In transformer power supplies, the voltage is converted by the transformer. The transformer consists of a core and a primary and secondary winding wound around the core, usually made of a copper wire. The mains voltage is reduced to the required level by electromagnetic induction, i.e. permeation of the magnetic field between the primary and secondary winding. The windings are galvanically isolated, i.e. there is no electrical connection between the windings. Depending on the number of turns of wire in each winding, the transformers can either increase or decrease the voltage.
The transformer power supplies can be unregulated or regulated.
Fig. 1. Unregulated power supply
a - transformer
b - rectifier unit (diode bridge)
c - capacitor as an output filter
Unregulated power supply (Fig. 1) includes: a transformer (a), rectifier unit (diode bridge) (b) and capacitor as an output filter (c).
First, the voltage is decreased by the transformer to a specified level. Next, the voltage is rectified by a full-wave rectifier consisting of four diodes. As a result, regardless of the direction flow of the alternating input voltage, the voltage flows in the same direction at the output. The voltage is far from an ideal constant voltage due to high ripples, however, those can be eliminated with a capacitor used as a ripple filter.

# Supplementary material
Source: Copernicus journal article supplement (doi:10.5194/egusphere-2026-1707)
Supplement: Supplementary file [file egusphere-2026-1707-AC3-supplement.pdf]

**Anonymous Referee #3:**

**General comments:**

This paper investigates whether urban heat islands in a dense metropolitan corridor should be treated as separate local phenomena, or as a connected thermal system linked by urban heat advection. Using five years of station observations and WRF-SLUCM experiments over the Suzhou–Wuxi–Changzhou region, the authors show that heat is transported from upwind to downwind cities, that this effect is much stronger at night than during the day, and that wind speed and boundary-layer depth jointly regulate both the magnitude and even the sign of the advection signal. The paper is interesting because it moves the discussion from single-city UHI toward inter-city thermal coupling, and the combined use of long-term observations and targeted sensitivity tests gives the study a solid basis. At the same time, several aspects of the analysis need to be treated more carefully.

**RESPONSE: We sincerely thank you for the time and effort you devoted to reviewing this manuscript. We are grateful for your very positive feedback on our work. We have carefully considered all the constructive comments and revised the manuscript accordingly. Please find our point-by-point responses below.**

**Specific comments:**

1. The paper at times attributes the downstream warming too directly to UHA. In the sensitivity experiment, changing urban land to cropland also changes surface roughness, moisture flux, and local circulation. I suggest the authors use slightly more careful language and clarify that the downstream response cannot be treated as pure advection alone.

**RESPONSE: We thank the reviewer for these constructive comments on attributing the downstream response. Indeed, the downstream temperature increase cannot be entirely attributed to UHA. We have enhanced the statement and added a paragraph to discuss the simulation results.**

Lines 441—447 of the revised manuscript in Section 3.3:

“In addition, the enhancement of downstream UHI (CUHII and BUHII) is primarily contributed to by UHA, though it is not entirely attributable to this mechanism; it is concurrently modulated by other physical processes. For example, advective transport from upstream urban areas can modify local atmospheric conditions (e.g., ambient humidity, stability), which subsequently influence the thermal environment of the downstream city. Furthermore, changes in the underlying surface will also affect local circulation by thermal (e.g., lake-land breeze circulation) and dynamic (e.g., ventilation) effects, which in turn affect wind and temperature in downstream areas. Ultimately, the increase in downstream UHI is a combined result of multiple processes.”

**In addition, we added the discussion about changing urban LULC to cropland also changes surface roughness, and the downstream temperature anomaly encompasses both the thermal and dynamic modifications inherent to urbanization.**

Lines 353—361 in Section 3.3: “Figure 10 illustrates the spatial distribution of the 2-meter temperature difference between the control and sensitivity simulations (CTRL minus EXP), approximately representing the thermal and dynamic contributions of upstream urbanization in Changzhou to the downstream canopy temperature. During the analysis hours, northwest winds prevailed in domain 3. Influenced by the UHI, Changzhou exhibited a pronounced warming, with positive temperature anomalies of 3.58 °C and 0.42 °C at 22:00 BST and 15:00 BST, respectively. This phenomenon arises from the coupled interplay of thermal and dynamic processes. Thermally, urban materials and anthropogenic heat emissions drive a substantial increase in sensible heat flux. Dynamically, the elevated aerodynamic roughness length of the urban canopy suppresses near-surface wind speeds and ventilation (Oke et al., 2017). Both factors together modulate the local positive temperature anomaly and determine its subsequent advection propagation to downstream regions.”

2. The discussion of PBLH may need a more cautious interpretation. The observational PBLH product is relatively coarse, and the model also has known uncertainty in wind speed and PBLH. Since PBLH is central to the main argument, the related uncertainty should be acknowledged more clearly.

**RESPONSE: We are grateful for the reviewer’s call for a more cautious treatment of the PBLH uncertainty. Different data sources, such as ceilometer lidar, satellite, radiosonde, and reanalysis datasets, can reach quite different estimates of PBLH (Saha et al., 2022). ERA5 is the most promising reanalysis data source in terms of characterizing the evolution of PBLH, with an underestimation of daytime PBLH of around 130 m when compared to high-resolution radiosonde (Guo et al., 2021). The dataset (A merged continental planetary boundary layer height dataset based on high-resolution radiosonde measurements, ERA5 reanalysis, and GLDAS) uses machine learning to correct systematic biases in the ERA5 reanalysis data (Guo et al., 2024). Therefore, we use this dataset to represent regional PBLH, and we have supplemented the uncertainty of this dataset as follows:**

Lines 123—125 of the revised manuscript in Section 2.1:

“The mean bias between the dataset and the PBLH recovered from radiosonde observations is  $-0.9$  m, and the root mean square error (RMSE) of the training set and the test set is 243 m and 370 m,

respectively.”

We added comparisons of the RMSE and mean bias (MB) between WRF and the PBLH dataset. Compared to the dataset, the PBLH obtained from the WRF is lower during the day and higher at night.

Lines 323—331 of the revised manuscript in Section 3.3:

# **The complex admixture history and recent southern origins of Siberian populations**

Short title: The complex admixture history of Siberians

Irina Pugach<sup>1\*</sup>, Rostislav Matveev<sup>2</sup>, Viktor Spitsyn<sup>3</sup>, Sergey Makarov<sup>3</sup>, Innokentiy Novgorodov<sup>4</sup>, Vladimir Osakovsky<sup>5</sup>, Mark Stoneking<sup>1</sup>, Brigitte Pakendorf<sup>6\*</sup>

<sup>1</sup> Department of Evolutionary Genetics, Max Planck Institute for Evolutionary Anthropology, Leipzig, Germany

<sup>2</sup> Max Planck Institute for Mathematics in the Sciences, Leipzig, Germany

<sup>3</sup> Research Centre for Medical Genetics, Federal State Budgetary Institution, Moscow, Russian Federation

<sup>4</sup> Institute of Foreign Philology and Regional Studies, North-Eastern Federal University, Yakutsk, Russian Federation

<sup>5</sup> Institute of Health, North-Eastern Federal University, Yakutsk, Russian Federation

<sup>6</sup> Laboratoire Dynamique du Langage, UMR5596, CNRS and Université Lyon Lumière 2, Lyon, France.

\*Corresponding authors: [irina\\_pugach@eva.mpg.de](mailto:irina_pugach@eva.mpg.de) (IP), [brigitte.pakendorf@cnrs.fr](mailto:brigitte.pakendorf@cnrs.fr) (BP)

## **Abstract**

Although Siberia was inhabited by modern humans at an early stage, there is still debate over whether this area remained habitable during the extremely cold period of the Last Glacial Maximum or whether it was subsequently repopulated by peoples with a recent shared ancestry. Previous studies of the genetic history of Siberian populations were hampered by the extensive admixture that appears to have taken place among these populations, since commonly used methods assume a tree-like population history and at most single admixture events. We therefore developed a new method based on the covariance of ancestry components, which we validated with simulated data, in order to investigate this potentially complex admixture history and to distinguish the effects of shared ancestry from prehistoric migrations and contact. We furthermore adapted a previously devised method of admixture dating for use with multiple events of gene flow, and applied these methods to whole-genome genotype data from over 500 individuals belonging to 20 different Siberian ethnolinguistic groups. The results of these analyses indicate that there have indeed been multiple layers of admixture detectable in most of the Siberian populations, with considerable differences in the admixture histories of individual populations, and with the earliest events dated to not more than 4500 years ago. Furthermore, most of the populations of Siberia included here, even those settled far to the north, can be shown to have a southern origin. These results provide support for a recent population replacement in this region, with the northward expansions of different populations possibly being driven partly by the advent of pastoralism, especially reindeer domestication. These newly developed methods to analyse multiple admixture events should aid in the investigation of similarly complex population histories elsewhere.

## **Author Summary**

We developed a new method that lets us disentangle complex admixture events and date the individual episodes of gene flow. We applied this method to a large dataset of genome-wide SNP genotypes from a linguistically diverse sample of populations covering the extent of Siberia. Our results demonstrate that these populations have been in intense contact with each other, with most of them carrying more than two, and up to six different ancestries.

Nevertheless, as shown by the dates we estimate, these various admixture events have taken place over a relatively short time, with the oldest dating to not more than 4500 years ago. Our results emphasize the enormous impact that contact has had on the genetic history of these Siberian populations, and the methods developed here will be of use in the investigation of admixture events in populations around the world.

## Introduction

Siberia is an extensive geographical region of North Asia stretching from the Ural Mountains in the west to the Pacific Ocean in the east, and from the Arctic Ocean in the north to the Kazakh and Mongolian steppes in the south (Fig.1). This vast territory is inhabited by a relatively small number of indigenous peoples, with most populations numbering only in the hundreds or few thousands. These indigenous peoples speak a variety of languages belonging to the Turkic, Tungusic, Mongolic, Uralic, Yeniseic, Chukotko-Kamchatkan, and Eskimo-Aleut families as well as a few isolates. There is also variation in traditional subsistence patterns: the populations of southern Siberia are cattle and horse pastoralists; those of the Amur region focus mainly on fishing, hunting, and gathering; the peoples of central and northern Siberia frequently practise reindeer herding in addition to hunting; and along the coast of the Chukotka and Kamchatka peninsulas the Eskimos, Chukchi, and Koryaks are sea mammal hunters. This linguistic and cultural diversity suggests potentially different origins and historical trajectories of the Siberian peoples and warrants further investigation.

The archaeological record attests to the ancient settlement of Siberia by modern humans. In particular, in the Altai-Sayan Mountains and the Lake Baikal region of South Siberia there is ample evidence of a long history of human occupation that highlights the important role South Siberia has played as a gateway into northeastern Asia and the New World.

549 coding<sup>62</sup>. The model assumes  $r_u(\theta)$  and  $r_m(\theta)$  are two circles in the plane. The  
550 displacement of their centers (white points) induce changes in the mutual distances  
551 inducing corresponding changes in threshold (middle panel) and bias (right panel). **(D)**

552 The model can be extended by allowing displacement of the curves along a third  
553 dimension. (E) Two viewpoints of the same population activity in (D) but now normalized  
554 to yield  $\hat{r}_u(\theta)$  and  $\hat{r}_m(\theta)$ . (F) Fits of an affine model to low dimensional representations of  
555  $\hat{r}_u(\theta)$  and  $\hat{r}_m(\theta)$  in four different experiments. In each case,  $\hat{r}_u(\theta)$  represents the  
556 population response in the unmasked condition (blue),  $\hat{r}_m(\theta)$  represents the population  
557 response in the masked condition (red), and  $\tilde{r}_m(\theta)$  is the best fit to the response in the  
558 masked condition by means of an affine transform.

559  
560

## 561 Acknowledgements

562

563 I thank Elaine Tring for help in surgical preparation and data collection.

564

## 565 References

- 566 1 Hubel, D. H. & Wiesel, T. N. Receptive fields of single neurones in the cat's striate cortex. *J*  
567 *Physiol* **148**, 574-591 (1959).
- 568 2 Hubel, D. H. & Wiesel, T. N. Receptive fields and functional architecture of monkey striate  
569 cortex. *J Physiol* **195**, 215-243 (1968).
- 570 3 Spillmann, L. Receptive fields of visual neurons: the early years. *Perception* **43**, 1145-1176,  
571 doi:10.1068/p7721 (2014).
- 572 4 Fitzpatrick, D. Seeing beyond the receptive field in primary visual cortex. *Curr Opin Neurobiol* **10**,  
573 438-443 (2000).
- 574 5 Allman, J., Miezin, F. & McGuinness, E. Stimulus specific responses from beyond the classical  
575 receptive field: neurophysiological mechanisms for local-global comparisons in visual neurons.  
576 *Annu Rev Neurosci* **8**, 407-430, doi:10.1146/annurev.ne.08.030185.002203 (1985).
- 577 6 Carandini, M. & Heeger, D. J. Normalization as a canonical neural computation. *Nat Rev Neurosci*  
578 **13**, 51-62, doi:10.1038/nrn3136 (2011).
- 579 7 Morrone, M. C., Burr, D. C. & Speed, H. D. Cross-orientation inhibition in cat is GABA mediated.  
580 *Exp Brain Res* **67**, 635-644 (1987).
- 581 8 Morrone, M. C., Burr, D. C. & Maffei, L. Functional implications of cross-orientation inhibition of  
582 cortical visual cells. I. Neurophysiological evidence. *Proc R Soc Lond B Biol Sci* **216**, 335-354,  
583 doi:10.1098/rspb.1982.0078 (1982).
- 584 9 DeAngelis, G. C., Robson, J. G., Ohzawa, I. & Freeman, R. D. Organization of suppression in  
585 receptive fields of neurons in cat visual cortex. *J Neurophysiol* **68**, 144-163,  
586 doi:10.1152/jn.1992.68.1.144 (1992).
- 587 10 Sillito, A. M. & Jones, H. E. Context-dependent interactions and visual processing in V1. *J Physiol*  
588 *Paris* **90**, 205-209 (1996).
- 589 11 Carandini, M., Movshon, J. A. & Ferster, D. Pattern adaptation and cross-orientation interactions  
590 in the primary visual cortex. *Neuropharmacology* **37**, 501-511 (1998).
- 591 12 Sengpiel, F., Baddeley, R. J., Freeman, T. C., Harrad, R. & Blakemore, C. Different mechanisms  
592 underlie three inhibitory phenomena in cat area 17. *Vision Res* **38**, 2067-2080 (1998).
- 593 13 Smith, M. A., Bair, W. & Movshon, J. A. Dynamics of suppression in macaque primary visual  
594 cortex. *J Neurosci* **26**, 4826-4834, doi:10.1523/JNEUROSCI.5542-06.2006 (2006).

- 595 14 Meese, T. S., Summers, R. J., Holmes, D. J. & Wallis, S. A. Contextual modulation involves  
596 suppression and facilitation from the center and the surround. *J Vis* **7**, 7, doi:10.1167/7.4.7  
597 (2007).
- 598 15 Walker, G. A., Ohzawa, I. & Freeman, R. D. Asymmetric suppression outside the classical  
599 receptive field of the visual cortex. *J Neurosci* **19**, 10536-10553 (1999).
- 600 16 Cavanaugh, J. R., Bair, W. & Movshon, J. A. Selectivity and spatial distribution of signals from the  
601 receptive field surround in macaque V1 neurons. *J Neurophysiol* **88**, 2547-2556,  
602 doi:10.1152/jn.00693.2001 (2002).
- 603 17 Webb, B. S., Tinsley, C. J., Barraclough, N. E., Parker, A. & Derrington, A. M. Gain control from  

A regulated (linear) transformer power supply differs from the unregulated power supply in that it has an additional voltage regulator (Fig. 2).
Fig. 2. Regulated power supply
d - voltage regulator
Voltage regulator (d) maintains the output voltage at the same lever regardless of the power supply load or input voltage fluctuations. Depending on the ripple attenuation factor, the regulator can also smoothen the voltage. However, this is usually the task of a capacitor. Depending on the power supply class, different voltage regulators can be used, however, those are usually integrated circuits.
Fig. 3. Voltage waveform at the linear power supply blocks
a - transformer output voltage
b - full-wave rectified voltage
c - ripple free voltage
d - ideal direct voltage waveform
The higher the power supply quality, the closer the output voltage to the ideal.
Unlike switched mode power supplies, the transformer power supplies offer a significantly lower efficiency, i.e. the ratio of the output power to the input power (40-50%). The efficiency depends on the transformer design, materials used and the voltage regulator, in which a certain amount of power is converted into thermal energy. Transformer power supplies are also relatively large and heavy compared to the switched mode power supplies offering similar performance. Transformer power supplies are also more expensive. Also, at no-load condition (no loads connected), the transformer power supply can still draw up to 20% of its rated current.
The transformer power supplies are immune to overload and overvoltage, and due to simple design, they are also very reliable and can be used in alarm systems. They also produce low interference and can be used as a power source for amplifiers, e.g. for antennas.
Example 12V/100MA/S-TAT transformer power supply available in Delta offer (Fig. 4).
Fig. 4. Regulated transformer power supply 12V/100MA/S-TAT